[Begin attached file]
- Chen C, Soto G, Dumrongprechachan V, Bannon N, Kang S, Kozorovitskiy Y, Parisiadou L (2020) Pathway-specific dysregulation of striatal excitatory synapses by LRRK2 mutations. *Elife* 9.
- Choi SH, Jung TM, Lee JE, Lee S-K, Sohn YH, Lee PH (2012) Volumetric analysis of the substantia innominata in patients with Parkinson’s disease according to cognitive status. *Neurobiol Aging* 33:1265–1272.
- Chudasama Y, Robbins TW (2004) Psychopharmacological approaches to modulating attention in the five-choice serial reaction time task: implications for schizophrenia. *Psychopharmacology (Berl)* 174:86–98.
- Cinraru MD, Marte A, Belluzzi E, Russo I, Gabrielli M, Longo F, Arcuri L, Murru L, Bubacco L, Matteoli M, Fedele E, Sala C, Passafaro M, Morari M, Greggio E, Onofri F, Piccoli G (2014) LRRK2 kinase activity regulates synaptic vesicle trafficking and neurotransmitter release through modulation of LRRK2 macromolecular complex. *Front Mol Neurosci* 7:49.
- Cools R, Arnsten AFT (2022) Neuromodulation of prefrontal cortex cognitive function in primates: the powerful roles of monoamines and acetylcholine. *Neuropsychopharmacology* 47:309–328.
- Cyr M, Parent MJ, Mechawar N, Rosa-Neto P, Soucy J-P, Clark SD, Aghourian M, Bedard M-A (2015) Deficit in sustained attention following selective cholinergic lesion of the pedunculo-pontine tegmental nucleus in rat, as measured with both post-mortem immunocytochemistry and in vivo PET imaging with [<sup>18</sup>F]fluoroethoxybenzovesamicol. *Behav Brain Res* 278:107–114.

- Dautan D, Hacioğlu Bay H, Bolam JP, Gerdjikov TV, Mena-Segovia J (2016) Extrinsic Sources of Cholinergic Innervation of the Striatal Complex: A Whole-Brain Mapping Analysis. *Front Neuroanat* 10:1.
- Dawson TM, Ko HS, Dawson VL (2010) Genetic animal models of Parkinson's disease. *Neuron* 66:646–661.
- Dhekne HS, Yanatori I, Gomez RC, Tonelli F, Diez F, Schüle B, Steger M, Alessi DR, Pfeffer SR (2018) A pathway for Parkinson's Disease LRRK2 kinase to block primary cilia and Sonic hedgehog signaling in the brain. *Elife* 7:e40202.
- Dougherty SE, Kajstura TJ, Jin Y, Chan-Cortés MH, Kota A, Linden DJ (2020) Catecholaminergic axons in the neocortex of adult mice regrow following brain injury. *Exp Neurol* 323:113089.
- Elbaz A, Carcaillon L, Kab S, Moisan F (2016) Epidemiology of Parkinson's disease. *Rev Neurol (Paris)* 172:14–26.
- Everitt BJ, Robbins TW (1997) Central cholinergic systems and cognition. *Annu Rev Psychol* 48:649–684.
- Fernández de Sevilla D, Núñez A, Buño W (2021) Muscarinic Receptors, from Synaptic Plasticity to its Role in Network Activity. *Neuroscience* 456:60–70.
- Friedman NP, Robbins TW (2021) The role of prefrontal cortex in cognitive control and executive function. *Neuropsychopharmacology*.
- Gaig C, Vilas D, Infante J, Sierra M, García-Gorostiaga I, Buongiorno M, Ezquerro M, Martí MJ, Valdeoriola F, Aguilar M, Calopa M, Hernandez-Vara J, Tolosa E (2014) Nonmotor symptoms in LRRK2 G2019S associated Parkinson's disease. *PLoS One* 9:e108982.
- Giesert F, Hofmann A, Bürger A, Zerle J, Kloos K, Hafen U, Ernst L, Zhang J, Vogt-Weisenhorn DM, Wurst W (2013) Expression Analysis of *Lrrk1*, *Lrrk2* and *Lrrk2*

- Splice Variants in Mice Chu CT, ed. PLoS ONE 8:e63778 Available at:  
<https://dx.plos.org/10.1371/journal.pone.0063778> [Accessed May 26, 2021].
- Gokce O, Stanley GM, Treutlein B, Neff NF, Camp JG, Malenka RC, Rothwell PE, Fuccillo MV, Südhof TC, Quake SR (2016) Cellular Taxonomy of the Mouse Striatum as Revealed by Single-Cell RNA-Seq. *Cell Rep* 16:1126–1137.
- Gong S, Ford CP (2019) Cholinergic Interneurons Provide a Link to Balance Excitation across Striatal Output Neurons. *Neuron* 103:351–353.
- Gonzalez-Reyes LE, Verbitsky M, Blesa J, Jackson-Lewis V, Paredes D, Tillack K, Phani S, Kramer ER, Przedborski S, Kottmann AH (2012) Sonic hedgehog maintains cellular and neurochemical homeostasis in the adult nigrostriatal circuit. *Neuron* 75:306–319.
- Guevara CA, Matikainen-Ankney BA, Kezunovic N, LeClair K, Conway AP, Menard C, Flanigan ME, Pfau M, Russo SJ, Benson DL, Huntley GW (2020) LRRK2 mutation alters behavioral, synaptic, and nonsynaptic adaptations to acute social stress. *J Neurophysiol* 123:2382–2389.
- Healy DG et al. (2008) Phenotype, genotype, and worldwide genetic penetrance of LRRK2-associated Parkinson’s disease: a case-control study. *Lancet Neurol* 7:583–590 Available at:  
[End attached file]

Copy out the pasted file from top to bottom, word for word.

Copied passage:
- Chen C, Soto G, Dumrongprechachan V, Bannon N, Kang S, Kozorovitskiy Y, Parisiadou L (2020) Pathway-specific dysregulation of striatal excitatory synapses by LRRK2 mutations. *Elife* 9.
- Choi SH, Jung TM, Lee JE, Lee S-K, Sohn YH, Lee PH (2012) Volumetric analysis of the substantia innominata in patients with Parkinson’s disease according to cognitive status. *Neurobiol Aging* 33:1265–1272.
- Chudasama Y, Robbins TW (2004) Psychopharmacological approaches to modulating attention in the five-choice serial reaction time task: implications for schizophrenia. *Psychopharmacology (Berl)* 174:86–98.
- Cinraru MD, Marte A, Belluzzi E, Russo I, Gabrielli M, Longo F, Arcuri L, Murru L, Bubacco L, Matteoli M, Fedele E, Sala C, Passafaro M, Morari M, Greggio E, Onofri F, Piccoli G (2014) LRRK2 kinase activity regulates synaptic vesicle trafficking and neurotransmitter release through modulation of LRRK2 macromolecular complex. *Front Mol Neurosci* 7:49.
- Cools R, Arnsten AFT (2022) Neuromodulation of prefrontal cortex cognitive function in primates: the powerful roles of monoamines and acetylcholine. *Neuropsychopharmacology* 47:309–328.
- Cyr M, Parent MJ, Mechawar N, Rosa-Neto P, Soucy J-P, Clark SD, Aghourian M, Bedard M-A (2015) Deficit in sustained attention following selective cholinergic lesion of the pedunculo-pontine tegmental nucleus in rat, as measured with both post-mortem immunocytochemistry and in vivo PET imaging with [<sup>18</sup>F]fluoroethoxybenzovesamicol. *Behav Brain Res* 278:107–114.

- Dautan D, Hacioğlu Bay H, Bolam JP, Gerdjikov TV, Mena-Segovia J (2016) Extrinsic Sources of Cholinergic Innervation of the Striatal Complex: A Whole-Brain Mapping Analysis. *Front Neuroanat* 10:1.
- Dawson TM, Ko HS, Dawson VL (2010) Genetic animal models of Parkinson's disease. *Neuron* 66:646–661.
- Dhekne HS, Yanatori I, Gomez RC, Tonelli F, Diez F, Schüle B, Steger M, Alessi DR, Pfeffer SR (2018) A pathway for Parkinson's Disease LRRK2 kinase to block primary cilia and Sonic hedgehog signaling in the brain. *Elife* 7:e40202.
- Dougherty SE, Kajstura TJ, Jin Y, Chan-Cortés MH, Kota A, Linden DJ (2020) Catecholaminergic axons in the neocortex of adult mice regrow following brain injury. *Exp Neurol* 323:113089.
- Elbaz A, Carcaillon L, Kab S, Moisan F (2016) Epidemiology of Parkinson's disease. *Rev Neurol (Paris)* 172:14–26.
- Everitt BJ, Robbins TW (1997) Central cholinergic systems and cognition. *Annu Rev Psychol* 48:649–684.
- Fernández de Sevilla D, Núñez A, Buño W (2021) Muscarinic Receptors, from Synaptic Plasticity to its Role in Network Activity. *Neuroscience* 456:60–70.
- Friedman NP, Robbins TW (2021) The role of prefrontal cortex in cognitive control and executive function. *Neuropsychopharmacology*.
- Gaig C, Vilas D, Infante J, Sierra M, García-Gorostiaga I, Buongiorno M, Ezquerro M, Martí MJ, Valdeoriola F, Aguilar M, Calopa M, Hernandez-Vara J, Tolosa E (2014) Nonmotor symptoms in LRRK2 G2019S associated Parkinson's disease. *PLoS One* 9:e108982.
- Giesert F, Hofmann A, Bürger A, Zerle J, Kloos K, Hafen U, Ernst L, Zhang J, Vogt-Weisenhorn DM, Wurst W (2013) Expression Analysis of *Lrrk1*, *Lrrk2* and *Lrrk2*

- Splice Variants in Mice Chu CT, ed. PLoS ONE 8:e63778 Available at:  
<https://dx.plos.org/10.1371/journal.pone.0063778> [Accessed May 26, 2021].
- Gokce O, Stanley GM, Treutlein B, Neff NF, Camp JG, Malenka RC, Rothwell PE, Fuccillo MV, Südhof TC, Quake SR (2016) Cellular Taxonomy of the Mouse Striatum as Revealed by Single-Cell RNA-Seq. *Cell Rep* 16:1126–1137.
- Gong S, Ford CP (2019) Cholinergic Interneurons Provide a Link to Balance Excitation across Striatal Output Neurons. *Neuron* 103:351–353.
- Gonzalez-Reyes LE, Verbitsky M, Blesa J, Jackson-Lewis V, Paredes D, Tillack K, Phani S, Kramer ER, Przedborski S, Kottmann AH (2012) Sonic hedgehog maintains cellular and neurochemical homeostasis in the adult nigrostriatal circuit. *Neuron* 75:306–319.
- Guevara CA, Matikainen-Ankney BA, Kezunovic N, LeClair K, Conway AP, Menard C, Flanigan ME, Pfau M, Russo SJ, Benson DL, Huntley GW (2020) LRRK2 mutation alters behavioral, synaptic, and nonsynaptic adaptations to acute social stress. *J Neurophysiol* 123:2382–2389.
- Healy DG et al. (2008) Phenotype, genotype, and worldwide genetic penetrance of LRRK2-associated Parkinson’s disease: a case-control study. *Lancet Neurol* 7:583–590 Available at:  